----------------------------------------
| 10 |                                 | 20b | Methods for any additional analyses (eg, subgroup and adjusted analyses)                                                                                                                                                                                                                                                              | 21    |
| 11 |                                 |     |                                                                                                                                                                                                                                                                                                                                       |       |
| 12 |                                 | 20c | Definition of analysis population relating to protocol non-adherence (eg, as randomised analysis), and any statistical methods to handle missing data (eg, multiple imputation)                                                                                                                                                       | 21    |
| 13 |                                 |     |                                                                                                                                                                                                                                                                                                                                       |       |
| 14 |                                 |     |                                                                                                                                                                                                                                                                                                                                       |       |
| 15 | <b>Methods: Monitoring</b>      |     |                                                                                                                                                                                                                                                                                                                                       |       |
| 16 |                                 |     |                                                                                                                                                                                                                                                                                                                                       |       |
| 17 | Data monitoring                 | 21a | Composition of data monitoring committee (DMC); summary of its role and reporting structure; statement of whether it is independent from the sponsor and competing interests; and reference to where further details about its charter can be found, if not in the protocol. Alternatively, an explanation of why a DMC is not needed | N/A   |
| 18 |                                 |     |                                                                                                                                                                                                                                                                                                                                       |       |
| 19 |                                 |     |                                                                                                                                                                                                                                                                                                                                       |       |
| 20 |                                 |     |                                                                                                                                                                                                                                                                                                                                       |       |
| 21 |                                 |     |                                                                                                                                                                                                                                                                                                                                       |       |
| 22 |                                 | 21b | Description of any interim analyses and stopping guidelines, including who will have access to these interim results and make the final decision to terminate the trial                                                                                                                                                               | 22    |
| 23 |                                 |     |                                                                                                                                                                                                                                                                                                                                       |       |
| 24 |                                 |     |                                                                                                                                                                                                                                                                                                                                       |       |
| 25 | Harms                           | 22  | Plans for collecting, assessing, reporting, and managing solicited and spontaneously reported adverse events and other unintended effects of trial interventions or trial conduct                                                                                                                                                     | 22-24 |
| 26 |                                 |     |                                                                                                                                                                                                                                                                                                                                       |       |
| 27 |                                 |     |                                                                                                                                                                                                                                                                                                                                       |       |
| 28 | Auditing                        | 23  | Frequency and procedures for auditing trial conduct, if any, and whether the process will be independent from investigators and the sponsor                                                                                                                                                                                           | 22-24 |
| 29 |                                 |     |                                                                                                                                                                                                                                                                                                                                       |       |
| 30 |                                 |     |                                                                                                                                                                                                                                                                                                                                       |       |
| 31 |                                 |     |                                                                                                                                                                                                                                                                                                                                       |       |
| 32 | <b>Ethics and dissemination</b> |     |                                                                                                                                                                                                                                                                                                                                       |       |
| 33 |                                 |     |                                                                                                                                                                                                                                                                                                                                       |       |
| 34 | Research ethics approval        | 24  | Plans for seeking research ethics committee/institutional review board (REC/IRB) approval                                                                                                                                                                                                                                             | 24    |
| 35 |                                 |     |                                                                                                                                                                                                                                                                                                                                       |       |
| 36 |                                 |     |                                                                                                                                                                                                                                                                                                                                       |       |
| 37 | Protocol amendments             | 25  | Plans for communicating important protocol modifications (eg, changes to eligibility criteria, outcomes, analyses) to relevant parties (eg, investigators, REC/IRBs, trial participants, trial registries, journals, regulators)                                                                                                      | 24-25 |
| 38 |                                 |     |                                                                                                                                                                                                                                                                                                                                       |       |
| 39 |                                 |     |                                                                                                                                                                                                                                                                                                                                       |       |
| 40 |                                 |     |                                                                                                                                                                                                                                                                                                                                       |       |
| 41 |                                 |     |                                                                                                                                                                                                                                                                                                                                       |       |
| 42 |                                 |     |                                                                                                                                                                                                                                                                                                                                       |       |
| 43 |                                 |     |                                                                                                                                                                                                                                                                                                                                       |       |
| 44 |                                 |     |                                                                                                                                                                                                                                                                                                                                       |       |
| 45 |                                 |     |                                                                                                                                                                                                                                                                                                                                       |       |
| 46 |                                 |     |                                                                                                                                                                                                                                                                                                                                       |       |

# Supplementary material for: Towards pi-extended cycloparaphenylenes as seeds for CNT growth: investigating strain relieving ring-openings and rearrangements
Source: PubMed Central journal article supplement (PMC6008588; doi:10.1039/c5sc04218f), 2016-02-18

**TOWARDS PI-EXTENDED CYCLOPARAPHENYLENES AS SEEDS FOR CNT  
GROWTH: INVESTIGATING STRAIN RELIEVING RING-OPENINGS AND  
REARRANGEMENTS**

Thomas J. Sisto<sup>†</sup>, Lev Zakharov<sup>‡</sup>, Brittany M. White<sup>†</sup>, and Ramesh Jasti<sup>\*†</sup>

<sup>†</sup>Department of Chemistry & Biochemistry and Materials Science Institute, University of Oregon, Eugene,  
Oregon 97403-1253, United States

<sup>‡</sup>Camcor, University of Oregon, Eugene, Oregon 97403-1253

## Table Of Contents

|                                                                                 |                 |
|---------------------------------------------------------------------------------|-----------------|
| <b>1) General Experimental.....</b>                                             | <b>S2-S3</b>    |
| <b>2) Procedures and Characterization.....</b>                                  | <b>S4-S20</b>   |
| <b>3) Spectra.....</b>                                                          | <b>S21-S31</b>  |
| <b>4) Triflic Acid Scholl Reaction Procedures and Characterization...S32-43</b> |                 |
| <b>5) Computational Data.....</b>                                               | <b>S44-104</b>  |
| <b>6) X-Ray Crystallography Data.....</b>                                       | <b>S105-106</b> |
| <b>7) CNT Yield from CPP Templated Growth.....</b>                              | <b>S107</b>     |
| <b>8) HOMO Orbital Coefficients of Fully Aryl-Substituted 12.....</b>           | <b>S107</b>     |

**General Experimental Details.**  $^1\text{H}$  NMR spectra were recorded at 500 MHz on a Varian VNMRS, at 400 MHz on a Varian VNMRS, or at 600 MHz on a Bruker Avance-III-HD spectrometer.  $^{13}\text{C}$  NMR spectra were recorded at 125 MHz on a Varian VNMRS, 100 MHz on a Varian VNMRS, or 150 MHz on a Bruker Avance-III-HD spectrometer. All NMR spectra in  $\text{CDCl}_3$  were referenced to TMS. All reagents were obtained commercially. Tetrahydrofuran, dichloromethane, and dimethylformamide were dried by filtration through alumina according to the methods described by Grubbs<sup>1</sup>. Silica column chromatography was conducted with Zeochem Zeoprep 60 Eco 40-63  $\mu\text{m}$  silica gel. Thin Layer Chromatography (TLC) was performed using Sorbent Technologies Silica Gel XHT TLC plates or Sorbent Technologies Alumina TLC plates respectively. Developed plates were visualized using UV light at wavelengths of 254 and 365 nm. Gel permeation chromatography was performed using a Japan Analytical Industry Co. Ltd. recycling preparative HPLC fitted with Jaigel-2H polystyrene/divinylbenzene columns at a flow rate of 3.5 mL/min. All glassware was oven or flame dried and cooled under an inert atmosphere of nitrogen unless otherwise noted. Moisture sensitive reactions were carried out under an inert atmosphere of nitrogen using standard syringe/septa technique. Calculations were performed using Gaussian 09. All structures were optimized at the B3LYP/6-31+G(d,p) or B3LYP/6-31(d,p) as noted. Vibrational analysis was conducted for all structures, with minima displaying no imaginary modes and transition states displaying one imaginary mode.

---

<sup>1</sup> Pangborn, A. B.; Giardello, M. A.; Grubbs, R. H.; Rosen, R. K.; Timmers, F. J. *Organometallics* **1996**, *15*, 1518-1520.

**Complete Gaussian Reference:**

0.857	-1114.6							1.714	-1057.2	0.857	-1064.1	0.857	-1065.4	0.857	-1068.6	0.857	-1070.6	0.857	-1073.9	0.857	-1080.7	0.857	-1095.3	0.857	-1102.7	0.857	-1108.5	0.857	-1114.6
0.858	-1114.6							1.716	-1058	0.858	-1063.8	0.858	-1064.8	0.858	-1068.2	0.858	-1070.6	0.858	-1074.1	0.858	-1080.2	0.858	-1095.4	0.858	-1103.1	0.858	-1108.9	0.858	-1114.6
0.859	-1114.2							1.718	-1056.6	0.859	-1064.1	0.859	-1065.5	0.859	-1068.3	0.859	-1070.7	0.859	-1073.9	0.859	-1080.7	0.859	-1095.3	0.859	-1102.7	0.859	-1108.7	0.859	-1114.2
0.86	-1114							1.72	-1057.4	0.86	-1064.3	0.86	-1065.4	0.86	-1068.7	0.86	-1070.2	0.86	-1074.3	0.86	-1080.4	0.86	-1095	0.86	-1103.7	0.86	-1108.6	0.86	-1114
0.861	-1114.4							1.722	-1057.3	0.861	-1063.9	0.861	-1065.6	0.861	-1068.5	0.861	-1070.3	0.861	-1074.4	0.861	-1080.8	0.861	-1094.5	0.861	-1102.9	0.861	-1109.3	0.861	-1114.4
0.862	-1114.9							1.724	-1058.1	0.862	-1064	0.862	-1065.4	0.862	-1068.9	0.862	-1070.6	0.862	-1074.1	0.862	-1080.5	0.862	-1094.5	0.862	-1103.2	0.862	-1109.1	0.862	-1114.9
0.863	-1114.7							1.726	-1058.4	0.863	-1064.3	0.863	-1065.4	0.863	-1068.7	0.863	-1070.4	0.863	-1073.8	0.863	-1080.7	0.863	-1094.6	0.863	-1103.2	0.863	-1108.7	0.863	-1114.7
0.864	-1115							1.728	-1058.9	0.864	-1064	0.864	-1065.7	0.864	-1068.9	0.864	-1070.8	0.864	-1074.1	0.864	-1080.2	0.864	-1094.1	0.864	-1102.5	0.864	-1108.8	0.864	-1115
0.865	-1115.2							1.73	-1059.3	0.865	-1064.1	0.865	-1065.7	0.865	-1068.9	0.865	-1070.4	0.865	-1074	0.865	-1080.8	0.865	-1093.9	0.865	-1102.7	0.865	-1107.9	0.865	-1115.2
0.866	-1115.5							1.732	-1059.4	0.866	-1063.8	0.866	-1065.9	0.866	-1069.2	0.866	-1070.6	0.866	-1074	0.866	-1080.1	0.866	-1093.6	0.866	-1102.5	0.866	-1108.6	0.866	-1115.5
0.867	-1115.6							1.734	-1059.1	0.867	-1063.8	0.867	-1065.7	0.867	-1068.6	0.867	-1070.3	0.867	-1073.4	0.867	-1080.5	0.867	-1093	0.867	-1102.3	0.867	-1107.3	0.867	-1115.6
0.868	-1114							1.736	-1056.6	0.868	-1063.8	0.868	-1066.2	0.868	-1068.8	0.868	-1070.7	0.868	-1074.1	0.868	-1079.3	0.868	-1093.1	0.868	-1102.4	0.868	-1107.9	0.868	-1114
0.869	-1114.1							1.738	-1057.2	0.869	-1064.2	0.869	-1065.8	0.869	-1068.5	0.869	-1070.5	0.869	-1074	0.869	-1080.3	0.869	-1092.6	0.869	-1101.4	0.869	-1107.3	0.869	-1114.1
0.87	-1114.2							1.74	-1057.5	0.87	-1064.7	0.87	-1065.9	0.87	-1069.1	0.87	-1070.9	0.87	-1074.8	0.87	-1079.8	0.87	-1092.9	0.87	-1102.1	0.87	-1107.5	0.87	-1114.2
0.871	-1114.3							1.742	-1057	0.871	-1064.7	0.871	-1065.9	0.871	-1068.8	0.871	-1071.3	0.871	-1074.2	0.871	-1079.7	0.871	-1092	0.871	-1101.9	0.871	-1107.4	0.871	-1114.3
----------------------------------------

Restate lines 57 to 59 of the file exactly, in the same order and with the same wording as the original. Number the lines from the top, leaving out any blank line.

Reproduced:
| <b>8) HOMO Orbital Coefficients of Fully Aryl-Substituted 12.....</b>           | <b>S107</b>     |

**General Experimental Details.**  $^1\text{H}$  NMR spectra were recorded at 500 MHz on a Varian VNMRS, at 400 MHz on a Varian VNMRS, or at 600 MHz on a Bruker Avance-III-HD spectrometer.  $^{13}\text{C}$  NMR spectra were recorded at 125 MHz on a Varian VNMRS, 100 MHz on a Varian VNMRS, or 150 MHz on a Bruker Avance-III-HD spectrometer. All NMR spectra in  $\text{CDCl}_3$  were referenced to TMS. All reagents were obtained commercially. Tetrahydrofuran, dichloromethane, and dimethylformamide were dried by filtration through alumina according to the methods described by Grubbs<sup>1</sup>. Silica column chromatography was conducted with Zeochem Zeoprep 60 Eco 40-63  $\mu\text{m}$  silica gel. Thin Layer Chromatography (TLC) was performed using Sorbent Technologies Silica Gel XHT TLC plates or Sorbent Technologies Alumina TLC plates respectively. Developed plates were visualized using UV light at wavelengths of 254 and 365 nm. Gel permeation chromatography was performed using a Japan Analytical Industry Co. Ltd. recycling preparative HPLC fitted with Jaigel-2H polystyrene/divinylbenzene columns at a flow rate of 3.5 mL/min. All glassware was oven or flame dried and cooled under an inert atmosphere of nitrogen unless otherwise noted. Moisture sensitive reactions were carried out under an inert atmosphere of nitrogen using standard syringe/septa technique. Calculations were performed using Gaussian 09. All structures were optimized at the B3LYP/6-31+G(d,p) or B3LYP/6-31(d,p) as noted. Vibrational analysis was conducted for all structures, with minima displaying no imaginary modes and transition states displaying one imaginary mode.

---